5 Aug 2017

Binnie: Bain case tarnished NZ's reputation

11:54 am on 5 August 2017

The Bain murder case has tarnished New Zealand's reputation for fair play and given the country a "black eye", former Canadian Supreme Court judge Ian Binnie says.

David Bain

David Bain Photo: POOL

In 2011, Mr Binnie was asked by the New Zealand government to investigate compensating David Bain after the Dunedinite's conviction for killing five family members was quashed in 2009.

Mr Binnie went on to recommend compensation, a decision that was thrown out by the Justice Minister at the time, Judith Collins, after a peer review by Robert Fisher QC - a process Mr Binnie has described as "a stitch-up".

A report completed by retired Australian High Court Judge Ian Callinan in 2016 also concluded Mr Bain should not be compensated, but he was last year given an ex-gratia payment of $925,000.

Speaking to Kim Hill on RNZ's Saturday Morning, Mr Binnie said the process around Mr Bain's case was deeply unfair to the New Zealand public.

"New Zealand is famous, certainly in the sporting world and beyond, as people who believe in fair play, and I think what happened here is not fair play.

"And I say that regardless of whether you happen to view David Bain as guilty or innocent.

"I say there is a process, there should be fairness, there should be proper consideration, the same rules should apply, regardless of what report is being considered, and that didn't happen."

The Callinan report into the case had put the onus on Mr Bain to prove his innocence.

"While Ian Callinan and I differ sharply on the substance of what we take out of the evidence, that the methodology that he pursued has all the failings - if they are failings - that were alleged against me.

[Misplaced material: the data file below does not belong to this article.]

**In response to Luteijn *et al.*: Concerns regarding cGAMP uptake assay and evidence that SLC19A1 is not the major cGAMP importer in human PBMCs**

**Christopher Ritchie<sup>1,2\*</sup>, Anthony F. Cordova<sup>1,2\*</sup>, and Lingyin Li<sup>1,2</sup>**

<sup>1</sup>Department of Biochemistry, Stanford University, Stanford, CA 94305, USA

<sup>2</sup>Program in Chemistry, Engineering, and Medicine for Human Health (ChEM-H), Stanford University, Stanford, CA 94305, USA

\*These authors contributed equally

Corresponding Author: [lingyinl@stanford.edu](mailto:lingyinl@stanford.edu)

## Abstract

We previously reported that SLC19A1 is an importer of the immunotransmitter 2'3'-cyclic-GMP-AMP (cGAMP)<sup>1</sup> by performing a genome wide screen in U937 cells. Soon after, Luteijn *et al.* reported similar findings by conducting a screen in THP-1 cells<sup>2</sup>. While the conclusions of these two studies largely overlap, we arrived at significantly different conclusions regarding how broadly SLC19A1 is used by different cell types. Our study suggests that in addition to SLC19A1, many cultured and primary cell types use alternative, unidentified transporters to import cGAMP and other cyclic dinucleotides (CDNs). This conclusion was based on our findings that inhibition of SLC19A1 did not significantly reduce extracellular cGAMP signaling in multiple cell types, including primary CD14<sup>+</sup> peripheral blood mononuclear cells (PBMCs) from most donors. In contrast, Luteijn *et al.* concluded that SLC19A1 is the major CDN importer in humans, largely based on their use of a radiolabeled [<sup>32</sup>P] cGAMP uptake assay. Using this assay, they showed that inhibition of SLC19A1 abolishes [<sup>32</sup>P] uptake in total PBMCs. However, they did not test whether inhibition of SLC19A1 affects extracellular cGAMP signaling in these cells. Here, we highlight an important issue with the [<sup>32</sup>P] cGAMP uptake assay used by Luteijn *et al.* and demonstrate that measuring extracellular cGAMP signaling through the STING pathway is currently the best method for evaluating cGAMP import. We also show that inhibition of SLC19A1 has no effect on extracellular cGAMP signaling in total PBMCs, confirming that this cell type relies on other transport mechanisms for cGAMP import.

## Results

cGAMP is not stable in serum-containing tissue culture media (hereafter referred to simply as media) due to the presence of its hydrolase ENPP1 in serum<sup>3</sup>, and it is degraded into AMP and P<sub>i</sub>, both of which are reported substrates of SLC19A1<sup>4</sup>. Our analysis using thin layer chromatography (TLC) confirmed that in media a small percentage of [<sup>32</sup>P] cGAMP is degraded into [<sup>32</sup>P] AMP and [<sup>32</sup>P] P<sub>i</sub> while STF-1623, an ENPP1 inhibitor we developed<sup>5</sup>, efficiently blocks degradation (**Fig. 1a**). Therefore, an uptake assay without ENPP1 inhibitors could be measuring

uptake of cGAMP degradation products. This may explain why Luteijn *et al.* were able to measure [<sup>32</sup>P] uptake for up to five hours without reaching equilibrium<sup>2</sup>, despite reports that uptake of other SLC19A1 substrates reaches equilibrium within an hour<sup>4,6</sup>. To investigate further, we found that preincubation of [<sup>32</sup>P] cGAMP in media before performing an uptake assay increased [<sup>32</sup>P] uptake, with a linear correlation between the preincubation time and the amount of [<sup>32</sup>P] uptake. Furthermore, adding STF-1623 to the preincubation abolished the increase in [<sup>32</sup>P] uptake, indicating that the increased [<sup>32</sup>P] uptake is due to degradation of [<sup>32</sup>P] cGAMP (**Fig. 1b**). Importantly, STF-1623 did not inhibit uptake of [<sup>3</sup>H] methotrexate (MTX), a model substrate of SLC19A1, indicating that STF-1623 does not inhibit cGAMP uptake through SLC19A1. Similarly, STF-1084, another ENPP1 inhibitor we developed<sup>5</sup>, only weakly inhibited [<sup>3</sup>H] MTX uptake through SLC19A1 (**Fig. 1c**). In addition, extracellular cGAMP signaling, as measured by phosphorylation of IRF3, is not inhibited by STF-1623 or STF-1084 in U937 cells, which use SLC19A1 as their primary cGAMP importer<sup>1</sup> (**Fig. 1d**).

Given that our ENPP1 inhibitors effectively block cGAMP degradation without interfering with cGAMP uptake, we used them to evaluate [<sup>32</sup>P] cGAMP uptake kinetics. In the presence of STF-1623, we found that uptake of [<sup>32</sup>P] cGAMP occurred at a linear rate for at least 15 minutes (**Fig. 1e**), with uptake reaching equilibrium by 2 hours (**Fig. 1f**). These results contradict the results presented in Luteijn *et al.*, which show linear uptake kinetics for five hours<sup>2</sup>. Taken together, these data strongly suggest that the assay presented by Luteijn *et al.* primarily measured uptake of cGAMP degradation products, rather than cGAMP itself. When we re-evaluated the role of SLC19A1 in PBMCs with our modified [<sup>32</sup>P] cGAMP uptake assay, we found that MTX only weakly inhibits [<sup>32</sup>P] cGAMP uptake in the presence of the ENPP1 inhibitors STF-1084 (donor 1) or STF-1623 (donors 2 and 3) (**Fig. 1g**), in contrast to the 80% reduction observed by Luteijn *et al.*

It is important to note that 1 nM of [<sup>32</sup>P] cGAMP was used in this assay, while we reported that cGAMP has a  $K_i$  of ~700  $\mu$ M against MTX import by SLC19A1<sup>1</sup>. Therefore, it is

"That standard applied to me should be applied to Callinan. And why is it that when the application of the test runs in favour of Bain, the govt denies it, when it runs against Bain, the govt ignores it.

"There's a double standard and it all comes out against David Bain."

Mr Binnie said New Zealand appeared to be unwilling to admit that mistakes could have been made in the investigation.

"The police just have this view that they cannot be wrong. And everybody knows that they do make mistakes, we all make mistakes.

He said the process around the case had become political.

"What the inquiry should aim at is to get at the truth, not to be able to stand back and say 'well the police messed up an investigation, the evidence... a lot of it wasn't collected, a lot of it was destroyed, but over to you Mr Bain prove your innocence.

"What fairness lies in that?"

Mr Binnie said there had not been another case in his career where he found the process to be so deficient, and operated so unfairly.

"To the extent the case is known now, outside New Zealand, and is quite widely known, it's given New Zealand a black eye."

If the government had really believed that Mr Bain was responsible for the murders of his family members they would not have made the $925,000 ex-gratia payment, he said.